Engage, engage, engage

Much has been written about the CMO-CIO relationship recently. According to Gartner CMOs will soon outspend CIOs on IT, while some industry commentators have even gone as far as claiming the CIO will end up either reporting to the CMO or being replaced by their marketing peer altogether. And then there’s the growing trend of organisations creating the Chief Digital Officer (CDO) role reporting directly to the CEO and with a remit of driving digital transformation. A role some would argue should lie at the heart of the CIO’s responsibilities.

Should CIOs be worried about these developments? Do the articles, studies and opinion columns have any truth to them? And if so, what do CIOs need to do to ensure they have a role to play in shaping the digital future of their organisations?

You can read the rest of this post on The CIO Leader, my site for business-focused technology leaders.

The CIO: broker of technology, driver of value

This was one of the key messages in CA Technologies CEO Mike Gregoire’s keynote speech to around 5,000 business leaders at this year’s CA World event in April. Gregoire explained that trends such as consumerisation have shifted the focus of enterprise IT away from the size of its data centre, number of servers, etc. to the value that technology has and can add to the organisation.

And with this change in focus comes a change in what the business expects from its CIO. Gregoire encouraged CIOs to embrace these changes by reinventing their role to one where they act as a broker providing access to technology that will help drive value for their organisations.

You can read the rest of this post on The CIO Leader, my site for business-focused technology leaders.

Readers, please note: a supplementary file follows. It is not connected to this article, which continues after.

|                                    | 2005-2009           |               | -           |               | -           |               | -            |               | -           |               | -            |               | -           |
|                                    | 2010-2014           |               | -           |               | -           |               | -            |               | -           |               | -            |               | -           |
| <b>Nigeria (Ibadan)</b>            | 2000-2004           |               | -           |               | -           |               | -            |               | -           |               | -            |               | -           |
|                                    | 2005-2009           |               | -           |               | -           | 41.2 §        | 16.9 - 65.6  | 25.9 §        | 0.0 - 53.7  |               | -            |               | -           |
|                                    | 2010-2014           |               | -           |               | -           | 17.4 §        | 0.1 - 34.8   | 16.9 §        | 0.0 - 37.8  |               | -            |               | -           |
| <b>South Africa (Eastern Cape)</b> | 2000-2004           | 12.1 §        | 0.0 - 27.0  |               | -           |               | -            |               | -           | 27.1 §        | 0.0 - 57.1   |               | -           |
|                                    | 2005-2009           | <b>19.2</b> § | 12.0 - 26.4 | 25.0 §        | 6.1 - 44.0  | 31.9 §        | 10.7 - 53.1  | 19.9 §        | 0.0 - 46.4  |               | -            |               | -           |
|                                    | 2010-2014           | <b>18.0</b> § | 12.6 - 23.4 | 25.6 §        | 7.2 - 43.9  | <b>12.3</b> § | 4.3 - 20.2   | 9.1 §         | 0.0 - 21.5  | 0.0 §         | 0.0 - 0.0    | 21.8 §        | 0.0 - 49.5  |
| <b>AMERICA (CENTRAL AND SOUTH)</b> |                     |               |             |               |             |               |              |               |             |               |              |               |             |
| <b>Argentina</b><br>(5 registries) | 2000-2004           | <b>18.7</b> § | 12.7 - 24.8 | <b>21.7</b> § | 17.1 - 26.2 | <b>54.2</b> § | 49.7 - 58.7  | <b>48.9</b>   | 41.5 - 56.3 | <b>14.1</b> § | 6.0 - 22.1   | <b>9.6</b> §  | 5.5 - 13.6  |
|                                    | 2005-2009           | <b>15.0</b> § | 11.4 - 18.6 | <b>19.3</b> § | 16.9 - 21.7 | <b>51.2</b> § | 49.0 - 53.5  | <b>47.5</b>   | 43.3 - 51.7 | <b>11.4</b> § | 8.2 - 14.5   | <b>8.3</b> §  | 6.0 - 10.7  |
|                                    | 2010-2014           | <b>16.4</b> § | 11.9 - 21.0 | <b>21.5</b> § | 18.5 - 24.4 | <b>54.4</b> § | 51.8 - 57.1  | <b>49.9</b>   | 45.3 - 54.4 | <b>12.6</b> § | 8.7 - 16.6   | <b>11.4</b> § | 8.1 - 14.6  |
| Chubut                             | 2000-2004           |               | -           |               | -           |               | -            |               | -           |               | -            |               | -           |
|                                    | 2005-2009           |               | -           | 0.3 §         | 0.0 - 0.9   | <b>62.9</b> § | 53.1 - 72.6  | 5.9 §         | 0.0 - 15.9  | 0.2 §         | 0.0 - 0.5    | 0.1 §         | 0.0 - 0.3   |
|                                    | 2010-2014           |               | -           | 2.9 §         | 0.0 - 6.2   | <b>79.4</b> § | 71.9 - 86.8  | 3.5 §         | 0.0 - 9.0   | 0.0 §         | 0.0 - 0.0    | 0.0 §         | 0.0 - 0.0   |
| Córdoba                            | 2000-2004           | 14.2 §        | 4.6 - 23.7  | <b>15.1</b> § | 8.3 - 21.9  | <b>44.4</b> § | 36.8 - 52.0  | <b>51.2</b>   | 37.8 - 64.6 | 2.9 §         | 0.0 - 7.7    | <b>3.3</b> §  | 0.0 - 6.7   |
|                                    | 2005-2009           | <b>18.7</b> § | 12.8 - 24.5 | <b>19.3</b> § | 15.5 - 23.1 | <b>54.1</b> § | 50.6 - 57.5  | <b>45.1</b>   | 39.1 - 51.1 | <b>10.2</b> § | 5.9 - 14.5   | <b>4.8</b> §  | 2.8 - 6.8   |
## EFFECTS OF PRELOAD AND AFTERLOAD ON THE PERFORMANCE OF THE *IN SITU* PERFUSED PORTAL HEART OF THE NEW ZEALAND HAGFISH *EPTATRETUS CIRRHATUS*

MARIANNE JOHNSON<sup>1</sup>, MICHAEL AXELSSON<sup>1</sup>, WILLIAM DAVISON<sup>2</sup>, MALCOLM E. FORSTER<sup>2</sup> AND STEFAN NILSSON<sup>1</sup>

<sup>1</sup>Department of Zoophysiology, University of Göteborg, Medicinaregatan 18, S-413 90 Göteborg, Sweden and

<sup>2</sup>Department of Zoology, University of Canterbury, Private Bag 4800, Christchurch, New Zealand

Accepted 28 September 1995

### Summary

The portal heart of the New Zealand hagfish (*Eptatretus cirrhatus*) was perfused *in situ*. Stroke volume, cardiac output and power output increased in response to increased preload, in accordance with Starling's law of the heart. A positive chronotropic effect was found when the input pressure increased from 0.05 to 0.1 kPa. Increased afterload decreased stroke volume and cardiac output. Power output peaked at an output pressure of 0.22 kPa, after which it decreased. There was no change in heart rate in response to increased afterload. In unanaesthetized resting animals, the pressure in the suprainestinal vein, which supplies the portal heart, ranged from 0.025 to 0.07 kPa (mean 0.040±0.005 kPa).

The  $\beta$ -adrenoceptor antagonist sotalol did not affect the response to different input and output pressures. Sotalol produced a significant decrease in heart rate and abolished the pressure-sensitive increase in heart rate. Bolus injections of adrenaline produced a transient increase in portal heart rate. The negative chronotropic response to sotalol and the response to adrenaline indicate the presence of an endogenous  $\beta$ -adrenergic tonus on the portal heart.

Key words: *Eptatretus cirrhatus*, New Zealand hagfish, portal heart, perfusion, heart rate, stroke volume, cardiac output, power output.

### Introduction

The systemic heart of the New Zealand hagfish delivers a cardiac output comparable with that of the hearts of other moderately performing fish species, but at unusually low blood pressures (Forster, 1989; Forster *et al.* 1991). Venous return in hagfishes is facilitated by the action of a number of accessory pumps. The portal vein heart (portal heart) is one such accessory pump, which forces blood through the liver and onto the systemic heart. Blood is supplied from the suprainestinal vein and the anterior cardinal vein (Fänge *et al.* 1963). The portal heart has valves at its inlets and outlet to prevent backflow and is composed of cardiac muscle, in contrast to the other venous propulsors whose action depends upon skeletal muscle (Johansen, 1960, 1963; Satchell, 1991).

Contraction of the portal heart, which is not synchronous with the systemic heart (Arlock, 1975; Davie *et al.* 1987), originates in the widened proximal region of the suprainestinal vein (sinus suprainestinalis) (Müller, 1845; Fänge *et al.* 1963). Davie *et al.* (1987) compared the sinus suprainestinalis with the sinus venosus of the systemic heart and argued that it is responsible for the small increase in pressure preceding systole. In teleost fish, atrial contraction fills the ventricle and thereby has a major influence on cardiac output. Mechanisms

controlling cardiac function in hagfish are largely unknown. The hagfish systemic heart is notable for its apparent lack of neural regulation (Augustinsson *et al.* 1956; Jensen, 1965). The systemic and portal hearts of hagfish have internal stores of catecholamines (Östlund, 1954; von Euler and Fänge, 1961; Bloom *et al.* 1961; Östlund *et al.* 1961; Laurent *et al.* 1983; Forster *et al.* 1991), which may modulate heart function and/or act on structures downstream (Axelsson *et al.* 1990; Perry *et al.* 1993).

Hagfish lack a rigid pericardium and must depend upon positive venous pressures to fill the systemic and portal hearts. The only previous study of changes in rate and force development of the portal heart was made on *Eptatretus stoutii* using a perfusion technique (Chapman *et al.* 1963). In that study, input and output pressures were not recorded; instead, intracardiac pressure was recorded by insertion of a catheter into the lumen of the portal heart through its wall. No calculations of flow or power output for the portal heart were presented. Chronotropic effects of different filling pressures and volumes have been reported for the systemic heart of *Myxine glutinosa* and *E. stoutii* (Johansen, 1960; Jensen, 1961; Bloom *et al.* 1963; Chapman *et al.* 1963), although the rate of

CIOs and digital: are you serious?

I went to the Harvey Nash CIO Survey 2013 launch event yesterday. As last year it was a very good event with some great insights from the survey; very entertaining speakers and an opportunity to network and catch up with fellow CIOs before and after the presentations and panel session.

If you follow me on Twitter (@ij_cox) you will know that I was live tweeting during the presentations and panel session. However, from a quick look at the hashtag for the event (#hnciosurvey) it appears that in a room full of around 150-200 CIOs and senior IT professionals I was one of the only people doing so. In fact the vast majority of the tweets sent during the event came from just six accounts, two of which belong to subsidiaries of Harvey Nash (@MortimerSpinks and @AlumniFIN) and one to the Editor in Chief of CIO Magazine (@ciouk).

In terms of individuals notable mentions go to Maria Ingold (@MariaIngold) and Ash Mahmud (@Ash_Force) who along with me complete the top 6 tweeters. After the top 6 there were only a handful of attendees who tweeted anything at all. And this is not the first CIO event I’ve been to where only a small number of people engage with each other on social media.

Is this the same group of people that believe they have a role to play in helping drive digital innovation within their organisations? Can they do this with any credibility if they do not use these tools in the same way that people in other functions and, quite possibly, their own departments use them? Events such as last night are now multi-channel; it’s about being in the room and online. And it’s the same for businesses – we operate in a multi-channel environment with our colleagues, partners and customers. CIOs should embrace this if they are to have any credibility in the digital debate.